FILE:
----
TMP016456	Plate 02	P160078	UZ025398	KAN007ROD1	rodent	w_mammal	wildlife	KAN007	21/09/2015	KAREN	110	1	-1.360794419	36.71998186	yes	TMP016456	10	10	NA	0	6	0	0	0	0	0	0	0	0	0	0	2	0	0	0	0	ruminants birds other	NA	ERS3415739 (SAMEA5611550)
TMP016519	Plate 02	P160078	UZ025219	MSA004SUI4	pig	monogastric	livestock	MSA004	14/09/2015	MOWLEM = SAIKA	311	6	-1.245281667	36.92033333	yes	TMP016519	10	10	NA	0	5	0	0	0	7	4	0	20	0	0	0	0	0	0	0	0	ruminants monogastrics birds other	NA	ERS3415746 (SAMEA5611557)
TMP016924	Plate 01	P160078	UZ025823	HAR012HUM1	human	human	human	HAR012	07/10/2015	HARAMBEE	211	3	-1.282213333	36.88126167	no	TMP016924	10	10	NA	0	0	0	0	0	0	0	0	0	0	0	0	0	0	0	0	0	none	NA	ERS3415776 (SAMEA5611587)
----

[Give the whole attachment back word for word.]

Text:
TMP016456	Plate 02	P160078	UZ025398	KAN007ROD1	rodent	w_mammal	wildlife	KAN007	21/09/2015	KAREN	110	1	-1.360794419	36.71998186	yes	TMP016456	10	10	NA	0	6	0	0	0	0	0	0	0	0	0	0	2	0	0	0	0	ruminants birds other	NA	ERS3415739 (SAMEA5611550)
TMP016519	Plate 02	P160078	UZ025219	MSA004SUI4	pig	monogastric	livestock	MSA004	14/09/2015	MOWLEM = SAIKA	311	6	-1.245281667	36.92033333	yes	TMP016519	10	10	NA	0	5	0	0	0	7	4	0	20	0	0	0	0	0	0	0	0	ruminants monogastrics birds other	NA	ERS3415746 (SAMEA5611557)
TMP016924	Plate 01	P160078	UZ025823	HAR012HUM1	human	human	human	HAR012	07/10/2015	HARAMBEE	211	3	-1.282213333	36.88126167	no	TMP016924	10	10	NA	0	0	0	0	0	0	0	0	0	0	0	0	0	0	0	0	0	none	NA	ERS3415776 (SAMEA5611587)